Employees help British Columbia government reach ambitious green goal

Officials in BC pledged carbon neutrality so they asked employees for ideas.


Officials in BC pledged carbon neutrality so they asked employees for ideas

What’s an organization of 30,000 employees to do when it pledges carbon neutrality by 2010, yet lacks a clear strategy to reach that goal?

It asks employees for help. But don’t take our word for it, take Rueben Bronee’s.

Bronee coordinates employee engagement and communication for the province of British Columbia (or BC), which employs more than 30,000 people—more than any other company in the province. Last year, the province announced plans to be carbon neutral by 2010. That means it will drastically reduce its pollution, while offsetting what it cannot reduce by investing in “offset projects” like cleaner, more efficient energy and carbon sequestering. The sum of these efforts will equal zero carbon output.

There was a problem, though: BC was unsure how, exactly, it would reach that goal. So it looked for help internally.

“We tapped employees right away for ideas to help reduce greenhouse gas emission,” Bronee told Ragan.com . Through a series of employee communication initiatives, BC discovered how it would curb its carbon output—and maybe even boost engagement among its vast work force.

One initiative to reap green ideas

The best of Green Ideas Shine

  • Mountain bikes for field surveys: Geological survey staff have access to a fleet of mountain bikes for their field work, replacing gas guzzling helicopters as the preferred mode of travel. The bikes would also be available for use by staff to travel to and from meetings in the city.
  • Post-use direct billing transit passes: Every employee would be issued a transit pass and fares would be deducted from payroll, up to the regular monthly cost of a bus pass. This idea builds on current discounts for public transit.
  • Other ideas that came forward included having the annual provincial exams for grade four and seven students administered electronically; having the Ministry of Advanced Education offer a “green option” for students accessing student aid to receive all information and correspondence electronically; and a “green diplomacy” project to have environmental responsibility be a guiding policy for all our intergovernmental relations activities.

BC reached out to employees with a recognition program called “Green Ideas Shine.” It spun off the organization’s pre-existing “Ideas Shine” program, which asked employees for ideas to improve their own ministries. (Ministries are the same as departments, Bronee said.)

“Green Ideas Shine” was simple. BC asked employees to submit ideas for cutting the province’s carbon use. Every ministry solicited ideas from its people and then selected the top three.

“We had all kinds of people submitting from executives down to the most entry-level employees,” Bronee said.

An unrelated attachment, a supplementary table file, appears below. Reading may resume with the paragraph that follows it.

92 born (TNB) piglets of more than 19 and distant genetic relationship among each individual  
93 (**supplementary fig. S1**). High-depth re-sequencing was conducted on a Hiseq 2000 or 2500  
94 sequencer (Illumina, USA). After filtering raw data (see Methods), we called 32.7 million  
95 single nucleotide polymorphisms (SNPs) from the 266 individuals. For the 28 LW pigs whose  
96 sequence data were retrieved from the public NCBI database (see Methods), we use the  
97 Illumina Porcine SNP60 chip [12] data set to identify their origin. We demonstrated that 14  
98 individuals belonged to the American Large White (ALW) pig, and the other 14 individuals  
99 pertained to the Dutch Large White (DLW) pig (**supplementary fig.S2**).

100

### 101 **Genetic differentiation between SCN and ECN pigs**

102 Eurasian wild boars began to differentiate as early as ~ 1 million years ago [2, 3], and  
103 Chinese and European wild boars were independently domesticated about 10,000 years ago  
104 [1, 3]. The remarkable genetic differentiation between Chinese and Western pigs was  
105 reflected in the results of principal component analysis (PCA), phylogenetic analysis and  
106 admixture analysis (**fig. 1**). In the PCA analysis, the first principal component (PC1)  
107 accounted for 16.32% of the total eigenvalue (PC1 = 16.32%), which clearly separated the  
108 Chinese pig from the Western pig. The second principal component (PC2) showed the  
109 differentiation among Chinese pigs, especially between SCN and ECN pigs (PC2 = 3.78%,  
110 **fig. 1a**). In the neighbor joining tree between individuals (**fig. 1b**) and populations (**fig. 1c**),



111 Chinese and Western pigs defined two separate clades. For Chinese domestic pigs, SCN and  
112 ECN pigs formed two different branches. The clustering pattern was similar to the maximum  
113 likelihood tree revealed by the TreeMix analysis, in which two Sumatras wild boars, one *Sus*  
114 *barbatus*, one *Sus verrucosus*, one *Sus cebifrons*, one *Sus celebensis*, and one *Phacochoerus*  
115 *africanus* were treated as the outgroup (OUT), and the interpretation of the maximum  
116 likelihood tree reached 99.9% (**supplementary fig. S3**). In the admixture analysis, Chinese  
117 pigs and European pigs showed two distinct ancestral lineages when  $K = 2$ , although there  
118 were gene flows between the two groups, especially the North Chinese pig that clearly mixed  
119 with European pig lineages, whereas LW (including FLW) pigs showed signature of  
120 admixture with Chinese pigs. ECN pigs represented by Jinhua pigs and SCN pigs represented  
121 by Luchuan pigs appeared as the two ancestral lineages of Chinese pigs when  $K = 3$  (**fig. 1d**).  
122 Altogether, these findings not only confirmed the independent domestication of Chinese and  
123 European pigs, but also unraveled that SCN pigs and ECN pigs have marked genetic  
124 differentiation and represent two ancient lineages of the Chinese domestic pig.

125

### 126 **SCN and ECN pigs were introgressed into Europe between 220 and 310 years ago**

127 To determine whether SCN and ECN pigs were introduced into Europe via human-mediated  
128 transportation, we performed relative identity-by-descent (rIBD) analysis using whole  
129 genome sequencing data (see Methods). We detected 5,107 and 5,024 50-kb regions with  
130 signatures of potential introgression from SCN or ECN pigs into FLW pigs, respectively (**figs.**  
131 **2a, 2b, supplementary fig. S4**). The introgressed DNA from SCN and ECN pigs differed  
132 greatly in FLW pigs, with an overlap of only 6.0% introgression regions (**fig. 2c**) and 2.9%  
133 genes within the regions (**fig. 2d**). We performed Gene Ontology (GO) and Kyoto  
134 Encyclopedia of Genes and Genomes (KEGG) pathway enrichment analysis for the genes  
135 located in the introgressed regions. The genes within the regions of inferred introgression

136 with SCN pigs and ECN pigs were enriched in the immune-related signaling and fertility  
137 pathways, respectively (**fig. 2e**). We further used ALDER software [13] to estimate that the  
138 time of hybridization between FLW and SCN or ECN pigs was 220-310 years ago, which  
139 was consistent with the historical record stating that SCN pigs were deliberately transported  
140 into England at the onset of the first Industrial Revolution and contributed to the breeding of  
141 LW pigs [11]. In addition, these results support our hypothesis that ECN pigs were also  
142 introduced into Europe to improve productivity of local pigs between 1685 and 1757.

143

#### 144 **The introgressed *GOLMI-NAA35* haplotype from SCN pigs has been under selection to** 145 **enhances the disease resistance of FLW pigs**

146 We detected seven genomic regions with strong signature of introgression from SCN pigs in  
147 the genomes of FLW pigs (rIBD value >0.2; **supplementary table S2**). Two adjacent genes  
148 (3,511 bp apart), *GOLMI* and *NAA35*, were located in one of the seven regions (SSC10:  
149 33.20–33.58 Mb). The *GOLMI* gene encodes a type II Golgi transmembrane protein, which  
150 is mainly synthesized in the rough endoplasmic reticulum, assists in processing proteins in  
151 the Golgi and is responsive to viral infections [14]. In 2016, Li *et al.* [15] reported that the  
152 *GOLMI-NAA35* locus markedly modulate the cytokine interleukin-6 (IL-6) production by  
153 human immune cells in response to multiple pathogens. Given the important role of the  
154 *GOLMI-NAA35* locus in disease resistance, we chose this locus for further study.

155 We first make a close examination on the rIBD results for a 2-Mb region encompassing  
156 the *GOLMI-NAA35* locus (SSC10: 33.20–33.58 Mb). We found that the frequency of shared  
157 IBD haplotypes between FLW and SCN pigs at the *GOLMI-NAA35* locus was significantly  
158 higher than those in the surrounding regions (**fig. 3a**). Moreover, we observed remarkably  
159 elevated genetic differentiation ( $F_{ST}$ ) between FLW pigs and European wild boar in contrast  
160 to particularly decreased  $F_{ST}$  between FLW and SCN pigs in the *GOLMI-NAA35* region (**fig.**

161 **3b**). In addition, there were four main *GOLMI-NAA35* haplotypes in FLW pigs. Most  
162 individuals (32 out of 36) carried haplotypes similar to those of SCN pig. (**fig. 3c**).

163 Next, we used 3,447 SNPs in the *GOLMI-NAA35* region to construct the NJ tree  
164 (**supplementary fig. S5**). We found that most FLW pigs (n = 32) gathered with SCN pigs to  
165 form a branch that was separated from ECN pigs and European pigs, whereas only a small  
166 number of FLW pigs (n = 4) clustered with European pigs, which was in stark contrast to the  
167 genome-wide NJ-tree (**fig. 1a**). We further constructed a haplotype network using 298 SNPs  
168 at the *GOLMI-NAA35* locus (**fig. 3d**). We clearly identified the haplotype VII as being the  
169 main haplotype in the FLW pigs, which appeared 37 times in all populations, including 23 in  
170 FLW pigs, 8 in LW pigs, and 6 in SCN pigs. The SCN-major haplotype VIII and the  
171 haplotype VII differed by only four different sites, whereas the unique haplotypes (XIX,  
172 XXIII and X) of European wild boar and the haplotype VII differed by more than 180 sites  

Employees could submit ideas from September to December 2007, and communicators promoted the program through BC’s intranet, posters (on recycled paper) and an e-mail to all employees from the province’s deputy minister to the premier (protocol for any announcement, Bronee noted).

Some ministries received over 200 submissions, he said.

BC announced the winners of “Green Ideas Shine” at a gathering just before Christmas.

Green Teams

Green Ideas Shine was among several forums for BC officials to listen to employees’ suggestions about curbing greenhouse gases. “One of the first things that happened [in early 2007] was every government [department] put a concept paper together outlining opportunities from employees to cut greenhouse gas emissions,” Bronee explained.

Beyond the concept papers, he continued, each department established its own Green Team—groups of about 12 employees charged with not only looking at their operations but also studying policy areas and building on the concept papers.

There were no qualifications to join the Green Teams, Bronee said. “In most cases it was just, ‘Let’s find people who are really keen and enthusiastic about this.’”

The response to these green initiatives was “hugely positive,” Bronee said. “This hasn’t been something we had to go out and sell,” he explained. “In fact, we’re really just tapping into a great deal of energy and enthusiasm that’s already there.”

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Increased engagement … they hope

BC continues mining internally for carbon cutting ideas, and so far employees have generated a wealth of ideas. But BC also hopes—and anticipates—that this push toward carbon neutrality will strengthen the corporate culture with 30,000 employees working toward the same goal.

“Involving employees in what we’re trying to accomplish as a corporate entity [caused] a shift in corporate culture—employees feel like part of the bigger picture as opposed to just their ministry,” Bronee said. “This is a fairly common thing motivating people. Everyone can contribute. It isn’t just an executive directive. Everyone can be involved.”

He senses that a strengthened corporate culture is starting to take shape but admits that less than one year into the effort BC lacks concrete measurement data.

Oh yeah, one more thing: By tapping employees the province avoided hiring any high-priced consultants—all they needed to know was within their own ranks.

The province’s carbon neutral goal is part of aggressive new legislation forcing BC organizations public and private to cut greenhouse gas emissions by one-third by 2020. Bronee said BC government is leading by example.

Beyond listening

When officials in the Province of British Columbia aren’t listening to employees’ ideas for curbing greenhouse gas emissions, they are communicating ways for employees to be more environmentally conscious. Examples of this include:

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